It may have been a first-hand lesson of the challenges inherent in organisational consolidation, but the creation and growth of Tasmanian shared-services provider Onstream has shown that shared services does not have to be as difficult as many states have made it.
Formed after the 2009 amalgamation of state water corporations Southern Water, Cradle Mountain Water and Ben Lomond Water, Onstream – officially known as the Tasmanian Water and Sewerage Corporation – faced immense political pressure and impossibly short timeframes to implement the government’s consolidation policy.
That policy had been identified as crucial because of the large geographical size and low population of many of Tasmania’s 29 local councils, which had resulted in low rates contributions and led to poor and deteriorating water infrastructure overall.
Onstream’s task was to introduce a shared-services model that would support the consolidation of the three water authorities by combining corporate IT and other services into a single location.
Adding to the challenge, the team was given just four months to design, establish and prepare its new shared-services infrastructure.
. When it was first created, Onstream had no employees. Its mission, however, would eventually involve the transfer of 720 employees from the various water authorities.
This posed very real challenges for ICT manager David Byrne, who was charged with setting up adequate IT support for those staff – but did not even have information about their names until just weeks before the 1 July 2009 deadline for policy implementation.
“We were having to set up an Active Directory structure for four corporations where you didn’t know the names of the employees,” Byrne recalls. “We’d be asking the right questions and getting no answer.”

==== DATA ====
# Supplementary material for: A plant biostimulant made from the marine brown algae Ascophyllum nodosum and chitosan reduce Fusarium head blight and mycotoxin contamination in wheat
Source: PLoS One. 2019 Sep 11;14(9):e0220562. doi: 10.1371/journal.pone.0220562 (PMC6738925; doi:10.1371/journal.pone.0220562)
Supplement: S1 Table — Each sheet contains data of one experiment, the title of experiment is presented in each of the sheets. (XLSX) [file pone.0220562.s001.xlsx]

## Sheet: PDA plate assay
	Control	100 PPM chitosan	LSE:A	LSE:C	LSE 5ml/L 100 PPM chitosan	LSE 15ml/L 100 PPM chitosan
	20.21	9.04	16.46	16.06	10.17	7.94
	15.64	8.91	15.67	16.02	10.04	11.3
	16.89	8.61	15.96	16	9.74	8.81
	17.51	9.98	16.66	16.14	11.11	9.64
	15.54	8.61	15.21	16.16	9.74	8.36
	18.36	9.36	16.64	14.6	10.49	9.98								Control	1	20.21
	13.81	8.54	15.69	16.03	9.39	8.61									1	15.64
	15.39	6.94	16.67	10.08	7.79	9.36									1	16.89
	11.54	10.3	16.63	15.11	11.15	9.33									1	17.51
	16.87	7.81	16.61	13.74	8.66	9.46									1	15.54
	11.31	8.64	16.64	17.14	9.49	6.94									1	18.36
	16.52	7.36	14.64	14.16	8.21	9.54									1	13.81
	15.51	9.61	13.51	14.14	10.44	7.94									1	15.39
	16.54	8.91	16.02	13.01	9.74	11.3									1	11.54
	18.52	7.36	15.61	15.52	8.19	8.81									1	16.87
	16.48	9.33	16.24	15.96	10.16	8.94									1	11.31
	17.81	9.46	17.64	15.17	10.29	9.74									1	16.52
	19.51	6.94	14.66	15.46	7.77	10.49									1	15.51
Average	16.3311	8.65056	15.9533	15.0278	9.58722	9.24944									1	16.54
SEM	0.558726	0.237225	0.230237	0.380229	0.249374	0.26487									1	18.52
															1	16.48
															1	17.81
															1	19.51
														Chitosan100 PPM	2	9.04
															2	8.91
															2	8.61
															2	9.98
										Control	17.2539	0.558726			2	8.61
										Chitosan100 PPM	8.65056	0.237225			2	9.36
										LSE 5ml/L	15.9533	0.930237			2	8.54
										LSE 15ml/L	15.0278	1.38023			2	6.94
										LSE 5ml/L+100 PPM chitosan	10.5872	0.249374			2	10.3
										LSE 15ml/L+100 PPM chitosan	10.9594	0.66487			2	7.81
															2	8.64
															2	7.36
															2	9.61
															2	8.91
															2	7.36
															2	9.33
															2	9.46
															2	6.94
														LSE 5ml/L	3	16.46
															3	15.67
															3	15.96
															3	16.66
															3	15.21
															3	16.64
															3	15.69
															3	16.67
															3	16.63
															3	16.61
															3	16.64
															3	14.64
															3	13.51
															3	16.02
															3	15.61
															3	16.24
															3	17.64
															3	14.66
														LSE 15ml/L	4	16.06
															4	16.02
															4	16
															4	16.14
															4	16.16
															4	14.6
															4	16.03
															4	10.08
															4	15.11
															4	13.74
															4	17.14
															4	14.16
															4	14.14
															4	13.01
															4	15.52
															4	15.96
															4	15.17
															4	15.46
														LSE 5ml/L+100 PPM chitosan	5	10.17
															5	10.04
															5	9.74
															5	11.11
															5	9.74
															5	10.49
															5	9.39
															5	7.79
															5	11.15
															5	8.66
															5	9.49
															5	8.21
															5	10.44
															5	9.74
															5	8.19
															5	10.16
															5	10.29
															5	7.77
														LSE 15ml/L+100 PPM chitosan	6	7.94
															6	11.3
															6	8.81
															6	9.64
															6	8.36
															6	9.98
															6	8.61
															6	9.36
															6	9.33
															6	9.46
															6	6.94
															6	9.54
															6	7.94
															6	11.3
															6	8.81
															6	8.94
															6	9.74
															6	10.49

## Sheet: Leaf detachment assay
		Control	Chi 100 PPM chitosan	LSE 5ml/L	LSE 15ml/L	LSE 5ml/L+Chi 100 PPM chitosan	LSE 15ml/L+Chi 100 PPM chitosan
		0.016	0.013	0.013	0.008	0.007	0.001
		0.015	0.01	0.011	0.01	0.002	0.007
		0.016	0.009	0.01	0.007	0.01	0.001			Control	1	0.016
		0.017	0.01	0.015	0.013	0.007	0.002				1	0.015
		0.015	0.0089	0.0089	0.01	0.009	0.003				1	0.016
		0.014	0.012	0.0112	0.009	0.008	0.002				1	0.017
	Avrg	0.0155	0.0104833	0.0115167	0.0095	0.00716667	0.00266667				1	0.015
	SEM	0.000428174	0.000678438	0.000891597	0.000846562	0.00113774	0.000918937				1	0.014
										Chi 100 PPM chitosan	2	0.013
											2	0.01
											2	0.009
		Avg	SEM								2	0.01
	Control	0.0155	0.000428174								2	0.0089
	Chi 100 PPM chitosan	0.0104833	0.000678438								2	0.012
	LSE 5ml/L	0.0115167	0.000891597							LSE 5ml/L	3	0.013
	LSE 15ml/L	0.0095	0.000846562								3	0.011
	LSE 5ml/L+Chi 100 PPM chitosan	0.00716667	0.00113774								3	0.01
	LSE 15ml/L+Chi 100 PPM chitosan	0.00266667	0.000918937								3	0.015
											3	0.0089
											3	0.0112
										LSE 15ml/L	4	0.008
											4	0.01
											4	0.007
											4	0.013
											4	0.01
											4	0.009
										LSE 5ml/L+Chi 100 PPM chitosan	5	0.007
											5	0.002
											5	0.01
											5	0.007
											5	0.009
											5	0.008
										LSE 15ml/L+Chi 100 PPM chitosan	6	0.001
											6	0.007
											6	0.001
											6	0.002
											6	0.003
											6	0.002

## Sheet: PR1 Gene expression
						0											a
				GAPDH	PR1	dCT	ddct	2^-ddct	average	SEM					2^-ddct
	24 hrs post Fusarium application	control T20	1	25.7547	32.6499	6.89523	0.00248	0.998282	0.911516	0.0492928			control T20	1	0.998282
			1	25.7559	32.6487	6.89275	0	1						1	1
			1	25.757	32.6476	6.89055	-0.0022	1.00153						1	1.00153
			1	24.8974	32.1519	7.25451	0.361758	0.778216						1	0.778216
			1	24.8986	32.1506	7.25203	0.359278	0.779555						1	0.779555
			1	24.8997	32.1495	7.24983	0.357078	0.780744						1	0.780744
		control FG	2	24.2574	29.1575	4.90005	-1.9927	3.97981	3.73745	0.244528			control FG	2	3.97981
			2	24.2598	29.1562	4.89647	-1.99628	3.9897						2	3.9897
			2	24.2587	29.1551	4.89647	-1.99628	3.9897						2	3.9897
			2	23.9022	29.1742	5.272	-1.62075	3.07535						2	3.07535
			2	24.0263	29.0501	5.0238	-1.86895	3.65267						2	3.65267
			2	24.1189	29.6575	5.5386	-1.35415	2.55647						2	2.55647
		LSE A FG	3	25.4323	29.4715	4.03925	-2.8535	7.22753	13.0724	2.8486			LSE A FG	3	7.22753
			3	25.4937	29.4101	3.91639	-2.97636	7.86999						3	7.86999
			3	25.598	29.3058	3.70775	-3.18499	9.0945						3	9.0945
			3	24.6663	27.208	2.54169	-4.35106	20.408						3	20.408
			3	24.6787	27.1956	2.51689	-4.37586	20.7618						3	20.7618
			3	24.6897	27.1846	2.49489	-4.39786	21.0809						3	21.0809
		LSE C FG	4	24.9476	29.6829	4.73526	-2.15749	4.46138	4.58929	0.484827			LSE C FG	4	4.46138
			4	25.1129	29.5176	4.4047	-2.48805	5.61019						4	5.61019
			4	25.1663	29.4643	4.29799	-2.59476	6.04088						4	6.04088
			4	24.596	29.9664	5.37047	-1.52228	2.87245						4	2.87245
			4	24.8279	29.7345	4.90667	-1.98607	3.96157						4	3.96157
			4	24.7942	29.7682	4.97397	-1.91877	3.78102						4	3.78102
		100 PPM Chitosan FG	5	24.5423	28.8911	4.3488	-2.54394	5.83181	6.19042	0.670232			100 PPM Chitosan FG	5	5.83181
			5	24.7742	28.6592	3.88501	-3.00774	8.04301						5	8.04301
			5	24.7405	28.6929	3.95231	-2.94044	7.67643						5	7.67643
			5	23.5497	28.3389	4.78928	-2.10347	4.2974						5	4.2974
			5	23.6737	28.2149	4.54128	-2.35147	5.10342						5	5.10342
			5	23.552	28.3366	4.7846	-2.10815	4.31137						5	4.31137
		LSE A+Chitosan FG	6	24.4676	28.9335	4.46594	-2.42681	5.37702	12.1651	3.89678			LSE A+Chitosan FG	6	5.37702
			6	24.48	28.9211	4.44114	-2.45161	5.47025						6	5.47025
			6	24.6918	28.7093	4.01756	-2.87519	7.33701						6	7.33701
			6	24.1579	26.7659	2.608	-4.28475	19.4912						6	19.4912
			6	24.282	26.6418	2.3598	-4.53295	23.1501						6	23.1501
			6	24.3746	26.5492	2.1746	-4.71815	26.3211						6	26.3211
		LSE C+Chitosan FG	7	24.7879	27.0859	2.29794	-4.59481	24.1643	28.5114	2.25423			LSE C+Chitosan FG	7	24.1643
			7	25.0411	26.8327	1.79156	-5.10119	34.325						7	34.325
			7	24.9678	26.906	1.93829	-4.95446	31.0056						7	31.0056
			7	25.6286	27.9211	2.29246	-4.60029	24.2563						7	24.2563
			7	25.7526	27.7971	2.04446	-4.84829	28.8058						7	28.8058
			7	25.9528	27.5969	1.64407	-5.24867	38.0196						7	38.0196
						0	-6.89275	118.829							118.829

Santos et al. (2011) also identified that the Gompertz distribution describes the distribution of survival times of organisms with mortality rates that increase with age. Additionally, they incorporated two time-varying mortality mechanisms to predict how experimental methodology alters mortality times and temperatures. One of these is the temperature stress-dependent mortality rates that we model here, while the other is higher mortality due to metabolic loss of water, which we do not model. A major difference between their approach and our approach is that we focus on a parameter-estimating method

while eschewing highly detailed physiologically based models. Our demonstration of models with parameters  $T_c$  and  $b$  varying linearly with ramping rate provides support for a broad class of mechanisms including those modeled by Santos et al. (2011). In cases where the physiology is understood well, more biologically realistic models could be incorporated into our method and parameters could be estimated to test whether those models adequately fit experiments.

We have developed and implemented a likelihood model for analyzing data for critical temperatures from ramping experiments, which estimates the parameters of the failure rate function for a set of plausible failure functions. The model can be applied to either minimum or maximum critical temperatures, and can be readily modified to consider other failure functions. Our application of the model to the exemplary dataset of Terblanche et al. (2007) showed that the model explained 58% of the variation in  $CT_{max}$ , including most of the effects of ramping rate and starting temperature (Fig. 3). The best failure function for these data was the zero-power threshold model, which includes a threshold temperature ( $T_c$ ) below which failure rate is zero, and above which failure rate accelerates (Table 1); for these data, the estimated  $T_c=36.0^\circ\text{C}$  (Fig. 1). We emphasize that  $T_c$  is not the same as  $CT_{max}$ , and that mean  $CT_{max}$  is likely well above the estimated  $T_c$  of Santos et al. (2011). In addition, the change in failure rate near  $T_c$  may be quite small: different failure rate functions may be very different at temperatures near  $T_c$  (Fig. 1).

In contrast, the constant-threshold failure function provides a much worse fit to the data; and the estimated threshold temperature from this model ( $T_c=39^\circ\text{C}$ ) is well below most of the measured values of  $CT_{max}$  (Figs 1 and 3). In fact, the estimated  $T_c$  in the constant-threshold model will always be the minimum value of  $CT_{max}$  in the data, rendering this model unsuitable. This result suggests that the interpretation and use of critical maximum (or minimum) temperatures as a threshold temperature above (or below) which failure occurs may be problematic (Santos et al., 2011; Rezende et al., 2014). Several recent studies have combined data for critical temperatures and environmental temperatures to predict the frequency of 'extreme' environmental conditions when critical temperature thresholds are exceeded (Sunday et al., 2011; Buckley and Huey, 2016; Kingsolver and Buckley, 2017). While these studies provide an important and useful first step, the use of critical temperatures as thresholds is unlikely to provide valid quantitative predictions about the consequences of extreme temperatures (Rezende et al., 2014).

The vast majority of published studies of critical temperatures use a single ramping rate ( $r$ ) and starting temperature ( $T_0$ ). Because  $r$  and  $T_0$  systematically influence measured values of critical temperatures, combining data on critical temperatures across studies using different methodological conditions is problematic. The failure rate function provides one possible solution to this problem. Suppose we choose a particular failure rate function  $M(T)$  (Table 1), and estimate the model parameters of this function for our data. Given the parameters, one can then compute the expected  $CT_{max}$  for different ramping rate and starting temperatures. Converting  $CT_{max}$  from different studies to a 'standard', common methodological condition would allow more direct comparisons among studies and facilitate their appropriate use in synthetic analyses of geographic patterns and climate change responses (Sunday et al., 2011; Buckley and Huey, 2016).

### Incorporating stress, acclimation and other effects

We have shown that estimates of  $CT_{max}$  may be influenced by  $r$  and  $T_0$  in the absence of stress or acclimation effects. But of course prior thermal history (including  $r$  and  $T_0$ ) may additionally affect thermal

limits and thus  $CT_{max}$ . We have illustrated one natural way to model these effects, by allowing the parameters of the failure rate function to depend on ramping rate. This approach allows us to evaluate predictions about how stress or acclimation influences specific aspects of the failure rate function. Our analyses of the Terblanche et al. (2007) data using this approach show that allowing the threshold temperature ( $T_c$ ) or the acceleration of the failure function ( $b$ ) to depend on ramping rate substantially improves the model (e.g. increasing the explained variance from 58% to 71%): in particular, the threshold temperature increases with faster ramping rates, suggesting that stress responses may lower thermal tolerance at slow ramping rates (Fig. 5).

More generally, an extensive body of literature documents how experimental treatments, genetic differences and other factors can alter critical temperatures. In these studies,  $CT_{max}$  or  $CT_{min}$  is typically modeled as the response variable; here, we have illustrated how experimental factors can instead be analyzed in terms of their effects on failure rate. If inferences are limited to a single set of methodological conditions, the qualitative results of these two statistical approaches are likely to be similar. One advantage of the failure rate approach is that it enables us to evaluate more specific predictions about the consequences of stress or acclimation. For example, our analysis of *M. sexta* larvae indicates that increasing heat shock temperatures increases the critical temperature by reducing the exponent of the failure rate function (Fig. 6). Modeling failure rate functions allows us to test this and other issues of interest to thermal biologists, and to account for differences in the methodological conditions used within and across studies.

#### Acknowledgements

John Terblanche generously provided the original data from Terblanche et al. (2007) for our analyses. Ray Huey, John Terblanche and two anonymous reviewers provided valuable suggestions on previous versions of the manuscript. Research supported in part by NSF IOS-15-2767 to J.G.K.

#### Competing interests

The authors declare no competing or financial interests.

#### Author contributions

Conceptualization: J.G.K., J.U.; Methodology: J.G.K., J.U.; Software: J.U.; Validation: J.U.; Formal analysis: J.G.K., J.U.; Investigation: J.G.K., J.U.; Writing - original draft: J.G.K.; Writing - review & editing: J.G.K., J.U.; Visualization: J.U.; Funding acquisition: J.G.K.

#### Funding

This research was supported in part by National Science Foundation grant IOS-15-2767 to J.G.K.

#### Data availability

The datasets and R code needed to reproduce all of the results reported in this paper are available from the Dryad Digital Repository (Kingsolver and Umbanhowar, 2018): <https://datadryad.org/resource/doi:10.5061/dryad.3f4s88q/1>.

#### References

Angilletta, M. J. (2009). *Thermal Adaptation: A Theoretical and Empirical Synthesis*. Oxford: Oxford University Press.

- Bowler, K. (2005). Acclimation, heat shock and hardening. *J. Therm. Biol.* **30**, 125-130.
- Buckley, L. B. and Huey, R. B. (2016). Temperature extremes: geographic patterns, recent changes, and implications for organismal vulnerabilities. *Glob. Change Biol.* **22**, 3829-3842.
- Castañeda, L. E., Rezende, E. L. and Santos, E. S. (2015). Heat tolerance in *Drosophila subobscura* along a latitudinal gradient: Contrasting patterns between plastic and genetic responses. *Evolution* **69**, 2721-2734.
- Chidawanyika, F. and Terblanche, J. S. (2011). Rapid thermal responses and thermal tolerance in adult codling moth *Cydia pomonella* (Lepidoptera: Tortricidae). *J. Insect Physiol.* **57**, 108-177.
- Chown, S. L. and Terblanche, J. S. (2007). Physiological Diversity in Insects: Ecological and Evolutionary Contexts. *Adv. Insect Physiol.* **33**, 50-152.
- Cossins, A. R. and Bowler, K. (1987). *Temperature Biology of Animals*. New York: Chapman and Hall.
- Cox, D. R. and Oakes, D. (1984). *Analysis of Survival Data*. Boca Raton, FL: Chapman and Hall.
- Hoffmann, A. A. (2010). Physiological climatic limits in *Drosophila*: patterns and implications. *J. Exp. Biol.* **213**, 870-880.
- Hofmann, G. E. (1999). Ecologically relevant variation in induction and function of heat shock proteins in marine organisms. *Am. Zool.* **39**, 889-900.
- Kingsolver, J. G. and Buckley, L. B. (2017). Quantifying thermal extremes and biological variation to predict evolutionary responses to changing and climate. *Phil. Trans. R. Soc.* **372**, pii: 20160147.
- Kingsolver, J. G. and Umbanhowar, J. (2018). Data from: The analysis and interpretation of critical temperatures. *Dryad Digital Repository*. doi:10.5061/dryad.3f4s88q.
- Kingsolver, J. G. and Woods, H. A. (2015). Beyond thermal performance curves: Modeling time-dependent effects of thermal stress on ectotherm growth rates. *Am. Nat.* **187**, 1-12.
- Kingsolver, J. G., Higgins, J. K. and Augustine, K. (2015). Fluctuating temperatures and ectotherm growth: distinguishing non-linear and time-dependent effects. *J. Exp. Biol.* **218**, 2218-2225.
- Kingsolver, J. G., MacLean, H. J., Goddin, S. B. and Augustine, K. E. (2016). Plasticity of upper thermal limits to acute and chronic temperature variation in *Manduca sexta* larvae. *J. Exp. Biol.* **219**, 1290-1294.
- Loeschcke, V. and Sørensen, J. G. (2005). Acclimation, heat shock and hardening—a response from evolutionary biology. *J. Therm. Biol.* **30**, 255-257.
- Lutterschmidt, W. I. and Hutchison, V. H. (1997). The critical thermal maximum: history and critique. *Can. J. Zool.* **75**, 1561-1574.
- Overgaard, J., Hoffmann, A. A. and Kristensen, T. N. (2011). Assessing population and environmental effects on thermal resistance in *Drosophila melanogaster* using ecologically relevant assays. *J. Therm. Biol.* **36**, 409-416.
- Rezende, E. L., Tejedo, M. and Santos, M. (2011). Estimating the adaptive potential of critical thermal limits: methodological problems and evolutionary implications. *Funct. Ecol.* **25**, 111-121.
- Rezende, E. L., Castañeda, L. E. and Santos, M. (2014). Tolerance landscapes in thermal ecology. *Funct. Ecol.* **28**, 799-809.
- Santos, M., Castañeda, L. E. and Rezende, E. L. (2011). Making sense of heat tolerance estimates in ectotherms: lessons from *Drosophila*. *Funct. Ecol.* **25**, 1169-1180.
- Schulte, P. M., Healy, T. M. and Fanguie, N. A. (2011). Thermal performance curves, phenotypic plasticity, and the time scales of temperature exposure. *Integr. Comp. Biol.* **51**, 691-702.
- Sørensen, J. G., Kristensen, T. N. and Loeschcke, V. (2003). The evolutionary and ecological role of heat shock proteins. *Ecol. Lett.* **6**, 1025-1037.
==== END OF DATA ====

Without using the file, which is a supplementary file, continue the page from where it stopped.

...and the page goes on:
A massive effort, however, saw the deadline achieved as Byrne’s four-member IT team worked 80 and 90-hour weeks for four months to complete the technology design and implementation, and build the team that was going to support what turned out to be 720 employees.
While it wasn’t exactly a smooth startup, the emerging shared-services organisation rapidly found its footing. “The first couple of weeks were chaos,” Byrne says. “But thanks to a huge effort on the part of the people doing the work before hand, half of people were actually productive from day 1. It was the most exhilarating challenge of my entire life.”
The shared architecture
. The shared-services environment that Byrne’s team created was built around a centralised domain into which all of Onstream’s resources were placed, and four core domains representing each of the operating entities.
This approach was chosen largely because of its flexibility: shared resources could be easily extended into two or more domains, while services offered for just one corporation would sit within its own domain. If future structural changes meant that Onstream had to bring additional organisations within its service-delivery scope, they could be added to the modular architecture.
"There has been growing momentum amongst the Tasmanian constituency around consolidation,” Byrne explains, “and the anticipated cost savings that would result in that. If the councils, for example, decided that as an exercise in shared services it would make sense for them to pool resources at one level, there’s the potential for us to be a pooled resource at another level.”
To ensure scalability and flexibility, Onstream’s architecture was built around VMware virtual servers, which allow it to rapidly commission and decommission services for its shared-services clients. Testing, development, production machines and more can be run up and down with impunity: “The sheer flexibility that VMware brings to the table in terms of being able to bring a machine up, have it do what you want it to do and kill it off, is just immense,” Byrne says.
The servers are supported with a CommVault scalable storage environment that currently offers around 18TB of capacity and manages approximately 14TB of actual data. The CommVault system provides robust backup capabilities for Onstream, which purchases the backup services on a per-terabyte licensing model in which it only pays for the capacity it uses.